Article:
In an excellent session on the Wednesday evening, there was opportunity to hear from some people in our Diocese who are effectively using digital tools in parish, school and Diocesan contexts. The take-away thought from that night was, “Give it a go! – and if you need help, we can give it”.
My hunch is that the people already using digital tools were inspired to network better, learn from best practice in other parts of the world and improve their own practice. There were others present who have not used digital tools in ministry for all kinds of reasons, and many were inspired to risk entering this space in a newly informed way. #SoMuchToLookForwardTo!
The Rev’d Jamee-Lee Callard, Assistant Curate, St John the Baptist Anglican Church, Bulimba (now Locum Priest at St Paul’s Anglican Church, Manly)
John Roberto’s conference content was inspiring in many ways and I felt very privileged to witness the changing attitude of many of my colleagues as they responded to Roberto’s ideas, by reappraising their ministry perspectives.
Change seems to be difficult for humans, and Roberto helped to identify the key factor in managing change effectively, so that it is a successful experience for all those involved. He emphasised the need to identify and engage people’s emotions and feelings, while envisioning a future that is different from the present experience. He acknowledged that, by providing information and data, a person may be more equipped to facilitate or tolerate change, but that if he/she is not emotionally ready or willing for change to occur, it will be a painful process and may not prove to be efficacious.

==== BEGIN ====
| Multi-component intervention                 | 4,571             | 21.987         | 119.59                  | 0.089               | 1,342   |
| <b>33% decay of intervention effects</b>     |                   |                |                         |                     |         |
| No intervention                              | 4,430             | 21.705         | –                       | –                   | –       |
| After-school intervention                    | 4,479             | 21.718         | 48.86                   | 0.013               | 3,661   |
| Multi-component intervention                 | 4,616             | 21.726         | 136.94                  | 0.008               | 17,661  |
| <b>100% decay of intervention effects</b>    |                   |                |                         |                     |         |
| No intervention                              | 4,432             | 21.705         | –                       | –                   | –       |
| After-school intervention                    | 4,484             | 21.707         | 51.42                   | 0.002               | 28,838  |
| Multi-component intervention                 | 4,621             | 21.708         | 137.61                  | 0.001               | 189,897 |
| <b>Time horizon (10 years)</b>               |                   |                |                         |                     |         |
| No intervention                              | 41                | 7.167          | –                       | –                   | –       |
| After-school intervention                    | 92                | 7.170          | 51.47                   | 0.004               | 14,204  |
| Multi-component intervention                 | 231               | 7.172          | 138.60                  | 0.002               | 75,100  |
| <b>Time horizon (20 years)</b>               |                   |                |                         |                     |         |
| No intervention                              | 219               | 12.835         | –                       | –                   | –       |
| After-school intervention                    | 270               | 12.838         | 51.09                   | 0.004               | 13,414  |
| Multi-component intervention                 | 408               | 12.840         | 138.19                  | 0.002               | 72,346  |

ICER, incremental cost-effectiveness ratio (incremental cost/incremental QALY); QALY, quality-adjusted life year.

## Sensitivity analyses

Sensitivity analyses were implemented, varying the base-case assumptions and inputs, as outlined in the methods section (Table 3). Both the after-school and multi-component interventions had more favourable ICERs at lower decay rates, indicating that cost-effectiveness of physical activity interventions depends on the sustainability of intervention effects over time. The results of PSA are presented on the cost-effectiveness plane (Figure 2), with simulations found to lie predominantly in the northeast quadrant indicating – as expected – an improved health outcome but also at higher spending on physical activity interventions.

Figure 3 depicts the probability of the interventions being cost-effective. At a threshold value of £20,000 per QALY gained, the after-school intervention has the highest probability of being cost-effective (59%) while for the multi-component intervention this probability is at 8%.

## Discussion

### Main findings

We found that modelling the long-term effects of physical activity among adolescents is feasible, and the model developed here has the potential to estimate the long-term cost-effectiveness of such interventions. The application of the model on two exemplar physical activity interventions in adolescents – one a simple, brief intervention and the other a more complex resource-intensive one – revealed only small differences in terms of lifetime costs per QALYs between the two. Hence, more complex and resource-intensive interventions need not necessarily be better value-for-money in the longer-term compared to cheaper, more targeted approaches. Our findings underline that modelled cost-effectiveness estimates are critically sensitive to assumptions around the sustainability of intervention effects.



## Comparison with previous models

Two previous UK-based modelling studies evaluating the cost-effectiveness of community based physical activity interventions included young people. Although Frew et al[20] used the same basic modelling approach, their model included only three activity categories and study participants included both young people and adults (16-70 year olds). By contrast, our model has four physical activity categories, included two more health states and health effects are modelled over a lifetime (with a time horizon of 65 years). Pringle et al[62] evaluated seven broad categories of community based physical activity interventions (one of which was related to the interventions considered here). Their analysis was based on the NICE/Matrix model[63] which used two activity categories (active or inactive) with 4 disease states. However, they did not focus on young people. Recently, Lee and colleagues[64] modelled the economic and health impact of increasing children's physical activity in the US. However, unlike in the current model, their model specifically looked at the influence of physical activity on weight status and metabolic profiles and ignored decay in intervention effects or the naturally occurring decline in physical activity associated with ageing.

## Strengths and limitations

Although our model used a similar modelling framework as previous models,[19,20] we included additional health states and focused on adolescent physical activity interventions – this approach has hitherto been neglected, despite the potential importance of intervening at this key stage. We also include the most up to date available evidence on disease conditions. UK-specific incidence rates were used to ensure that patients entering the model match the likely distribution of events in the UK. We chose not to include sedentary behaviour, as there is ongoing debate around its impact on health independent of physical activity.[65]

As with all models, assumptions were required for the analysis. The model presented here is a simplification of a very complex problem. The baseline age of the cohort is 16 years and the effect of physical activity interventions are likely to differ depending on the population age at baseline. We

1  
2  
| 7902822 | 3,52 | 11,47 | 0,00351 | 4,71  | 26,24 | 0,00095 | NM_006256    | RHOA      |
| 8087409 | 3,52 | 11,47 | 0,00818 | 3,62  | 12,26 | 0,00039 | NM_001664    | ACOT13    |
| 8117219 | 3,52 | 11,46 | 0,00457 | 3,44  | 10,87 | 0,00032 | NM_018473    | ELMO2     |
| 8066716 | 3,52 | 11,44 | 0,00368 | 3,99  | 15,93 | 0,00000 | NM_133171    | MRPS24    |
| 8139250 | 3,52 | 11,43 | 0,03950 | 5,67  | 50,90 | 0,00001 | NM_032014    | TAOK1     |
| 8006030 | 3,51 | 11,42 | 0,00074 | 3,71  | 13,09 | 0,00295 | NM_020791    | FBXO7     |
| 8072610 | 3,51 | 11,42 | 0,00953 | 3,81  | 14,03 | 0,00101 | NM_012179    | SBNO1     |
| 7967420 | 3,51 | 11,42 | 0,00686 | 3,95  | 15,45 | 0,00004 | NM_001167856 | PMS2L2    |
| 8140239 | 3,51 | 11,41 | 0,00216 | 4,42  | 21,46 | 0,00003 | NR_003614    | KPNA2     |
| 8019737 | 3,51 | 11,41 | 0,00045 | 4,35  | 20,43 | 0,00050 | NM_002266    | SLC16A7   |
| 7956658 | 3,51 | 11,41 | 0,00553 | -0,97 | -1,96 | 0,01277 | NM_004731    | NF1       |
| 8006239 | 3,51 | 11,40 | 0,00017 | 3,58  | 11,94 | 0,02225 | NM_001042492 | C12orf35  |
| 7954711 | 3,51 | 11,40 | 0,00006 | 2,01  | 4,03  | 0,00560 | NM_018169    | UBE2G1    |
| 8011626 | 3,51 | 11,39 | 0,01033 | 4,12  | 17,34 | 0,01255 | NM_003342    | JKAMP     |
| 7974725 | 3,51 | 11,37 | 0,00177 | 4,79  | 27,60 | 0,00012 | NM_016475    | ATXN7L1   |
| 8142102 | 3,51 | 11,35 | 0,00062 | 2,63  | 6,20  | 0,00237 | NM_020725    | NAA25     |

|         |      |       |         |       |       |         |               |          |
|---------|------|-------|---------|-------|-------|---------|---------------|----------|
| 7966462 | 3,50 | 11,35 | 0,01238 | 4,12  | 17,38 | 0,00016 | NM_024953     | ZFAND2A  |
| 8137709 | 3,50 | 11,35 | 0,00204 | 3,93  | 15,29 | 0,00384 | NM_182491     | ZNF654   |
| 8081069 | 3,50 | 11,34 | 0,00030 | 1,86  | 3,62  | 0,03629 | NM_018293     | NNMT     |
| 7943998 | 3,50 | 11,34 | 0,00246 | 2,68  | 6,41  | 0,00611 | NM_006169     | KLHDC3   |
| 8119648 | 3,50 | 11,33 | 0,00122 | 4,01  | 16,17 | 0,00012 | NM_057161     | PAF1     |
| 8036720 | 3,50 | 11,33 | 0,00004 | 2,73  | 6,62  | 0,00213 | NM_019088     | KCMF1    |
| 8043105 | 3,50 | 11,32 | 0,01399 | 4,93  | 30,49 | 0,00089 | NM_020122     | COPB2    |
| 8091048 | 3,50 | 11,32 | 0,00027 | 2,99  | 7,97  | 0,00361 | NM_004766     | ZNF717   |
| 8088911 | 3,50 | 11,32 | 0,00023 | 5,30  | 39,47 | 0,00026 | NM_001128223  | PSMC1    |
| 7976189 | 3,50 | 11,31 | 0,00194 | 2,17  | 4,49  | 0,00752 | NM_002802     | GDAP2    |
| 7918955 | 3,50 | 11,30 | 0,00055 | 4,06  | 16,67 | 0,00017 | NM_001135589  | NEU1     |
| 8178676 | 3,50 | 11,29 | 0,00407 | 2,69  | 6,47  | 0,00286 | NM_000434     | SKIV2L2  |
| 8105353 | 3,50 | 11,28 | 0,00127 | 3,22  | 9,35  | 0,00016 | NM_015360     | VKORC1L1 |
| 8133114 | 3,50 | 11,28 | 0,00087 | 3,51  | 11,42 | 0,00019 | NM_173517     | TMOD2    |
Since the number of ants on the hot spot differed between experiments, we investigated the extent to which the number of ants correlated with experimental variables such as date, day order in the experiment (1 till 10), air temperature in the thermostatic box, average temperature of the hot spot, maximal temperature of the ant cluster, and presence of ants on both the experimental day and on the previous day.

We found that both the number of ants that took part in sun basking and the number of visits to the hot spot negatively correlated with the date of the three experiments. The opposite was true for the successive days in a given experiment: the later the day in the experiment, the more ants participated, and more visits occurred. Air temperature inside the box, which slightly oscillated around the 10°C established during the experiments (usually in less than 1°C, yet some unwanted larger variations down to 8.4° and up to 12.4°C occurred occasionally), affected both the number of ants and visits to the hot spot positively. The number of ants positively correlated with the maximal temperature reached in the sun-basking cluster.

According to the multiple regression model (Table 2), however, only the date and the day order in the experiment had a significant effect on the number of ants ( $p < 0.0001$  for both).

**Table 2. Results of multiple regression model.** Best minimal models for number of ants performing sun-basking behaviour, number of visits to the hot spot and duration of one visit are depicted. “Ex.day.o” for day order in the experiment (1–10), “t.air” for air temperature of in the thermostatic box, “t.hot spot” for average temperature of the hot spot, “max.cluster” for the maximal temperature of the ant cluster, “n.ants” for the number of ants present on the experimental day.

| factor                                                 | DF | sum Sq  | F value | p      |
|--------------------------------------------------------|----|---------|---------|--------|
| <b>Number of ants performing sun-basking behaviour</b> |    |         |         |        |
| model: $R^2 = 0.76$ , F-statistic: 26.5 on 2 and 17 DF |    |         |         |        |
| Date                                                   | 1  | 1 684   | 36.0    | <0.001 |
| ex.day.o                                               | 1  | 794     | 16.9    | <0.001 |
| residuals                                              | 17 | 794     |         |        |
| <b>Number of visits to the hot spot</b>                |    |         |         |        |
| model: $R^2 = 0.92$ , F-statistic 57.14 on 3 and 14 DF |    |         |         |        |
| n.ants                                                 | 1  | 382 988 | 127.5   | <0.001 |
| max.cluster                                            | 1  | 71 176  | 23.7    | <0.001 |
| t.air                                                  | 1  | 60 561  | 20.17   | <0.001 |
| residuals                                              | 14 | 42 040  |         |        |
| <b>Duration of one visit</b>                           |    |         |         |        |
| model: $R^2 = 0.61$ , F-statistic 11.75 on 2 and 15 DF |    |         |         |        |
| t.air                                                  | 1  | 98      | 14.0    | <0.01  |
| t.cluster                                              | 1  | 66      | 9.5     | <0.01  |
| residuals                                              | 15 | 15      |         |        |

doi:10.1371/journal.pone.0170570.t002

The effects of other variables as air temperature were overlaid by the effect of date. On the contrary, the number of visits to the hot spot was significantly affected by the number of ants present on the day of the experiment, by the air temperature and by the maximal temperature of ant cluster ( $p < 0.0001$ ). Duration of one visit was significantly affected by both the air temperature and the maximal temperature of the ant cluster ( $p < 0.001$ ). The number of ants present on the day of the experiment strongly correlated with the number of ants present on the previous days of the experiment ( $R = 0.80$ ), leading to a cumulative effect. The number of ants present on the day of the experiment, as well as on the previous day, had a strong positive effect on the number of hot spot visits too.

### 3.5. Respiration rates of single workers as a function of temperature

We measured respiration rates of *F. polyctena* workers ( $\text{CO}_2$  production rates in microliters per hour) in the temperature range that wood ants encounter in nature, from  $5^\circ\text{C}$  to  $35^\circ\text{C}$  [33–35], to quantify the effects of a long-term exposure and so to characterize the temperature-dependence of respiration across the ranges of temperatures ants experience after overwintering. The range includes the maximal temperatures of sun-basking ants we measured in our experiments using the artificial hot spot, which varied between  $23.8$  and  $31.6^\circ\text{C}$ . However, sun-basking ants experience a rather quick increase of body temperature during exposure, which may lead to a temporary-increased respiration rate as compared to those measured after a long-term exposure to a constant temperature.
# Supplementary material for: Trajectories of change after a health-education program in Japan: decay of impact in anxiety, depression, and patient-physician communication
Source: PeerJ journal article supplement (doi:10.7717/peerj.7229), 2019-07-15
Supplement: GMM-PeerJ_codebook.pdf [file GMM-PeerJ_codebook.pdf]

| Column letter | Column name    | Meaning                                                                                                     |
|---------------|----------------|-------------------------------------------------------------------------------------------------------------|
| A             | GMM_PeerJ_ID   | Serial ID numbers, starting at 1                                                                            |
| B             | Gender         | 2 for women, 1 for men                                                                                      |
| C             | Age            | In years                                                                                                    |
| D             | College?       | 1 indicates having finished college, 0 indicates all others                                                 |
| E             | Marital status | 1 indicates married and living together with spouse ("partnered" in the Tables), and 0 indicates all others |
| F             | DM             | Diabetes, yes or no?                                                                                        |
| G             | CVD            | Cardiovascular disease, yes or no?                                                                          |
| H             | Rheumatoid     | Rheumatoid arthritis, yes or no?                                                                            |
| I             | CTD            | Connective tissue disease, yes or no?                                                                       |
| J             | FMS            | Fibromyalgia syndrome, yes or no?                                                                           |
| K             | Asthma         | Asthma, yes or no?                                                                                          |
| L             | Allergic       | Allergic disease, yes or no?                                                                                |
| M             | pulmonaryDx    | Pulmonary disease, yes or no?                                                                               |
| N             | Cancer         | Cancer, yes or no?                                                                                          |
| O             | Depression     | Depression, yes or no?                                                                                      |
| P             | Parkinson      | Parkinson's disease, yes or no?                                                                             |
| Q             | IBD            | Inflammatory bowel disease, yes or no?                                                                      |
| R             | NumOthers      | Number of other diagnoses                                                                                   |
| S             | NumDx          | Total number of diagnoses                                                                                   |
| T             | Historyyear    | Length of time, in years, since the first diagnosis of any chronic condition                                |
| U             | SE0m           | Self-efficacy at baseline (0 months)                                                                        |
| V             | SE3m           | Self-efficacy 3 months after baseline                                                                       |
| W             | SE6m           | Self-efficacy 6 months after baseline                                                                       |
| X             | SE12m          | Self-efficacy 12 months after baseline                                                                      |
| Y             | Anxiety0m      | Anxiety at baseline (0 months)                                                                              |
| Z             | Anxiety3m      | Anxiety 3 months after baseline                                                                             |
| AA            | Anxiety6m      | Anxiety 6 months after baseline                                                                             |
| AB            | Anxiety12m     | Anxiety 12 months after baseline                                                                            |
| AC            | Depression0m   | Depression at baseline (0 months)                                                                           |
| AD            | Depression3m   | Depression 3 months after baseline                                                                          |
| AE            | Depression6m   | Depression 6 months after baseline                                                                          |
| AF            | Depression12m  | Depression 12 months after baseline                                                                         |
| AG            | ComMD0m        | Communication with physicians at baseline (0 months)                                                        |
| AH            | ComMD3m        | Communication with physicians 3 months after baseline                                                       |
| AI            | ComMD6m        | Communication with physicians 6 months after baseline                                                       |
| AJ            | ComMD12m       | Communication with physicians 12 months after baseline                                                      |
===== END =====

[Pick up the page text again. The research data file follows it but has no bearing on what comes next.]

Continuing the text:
The primary fear that people associate with change is loss. That what is comfortable and known may be lost in the process of adopting something new, and that the new ‘unknown’ may not be as good as what, in the past, has been appreciated as valuable. I feel that the Church is groaning with this reality in our context, where we are constantly challenged with the need to be relevant, but remain true to our Christian identity.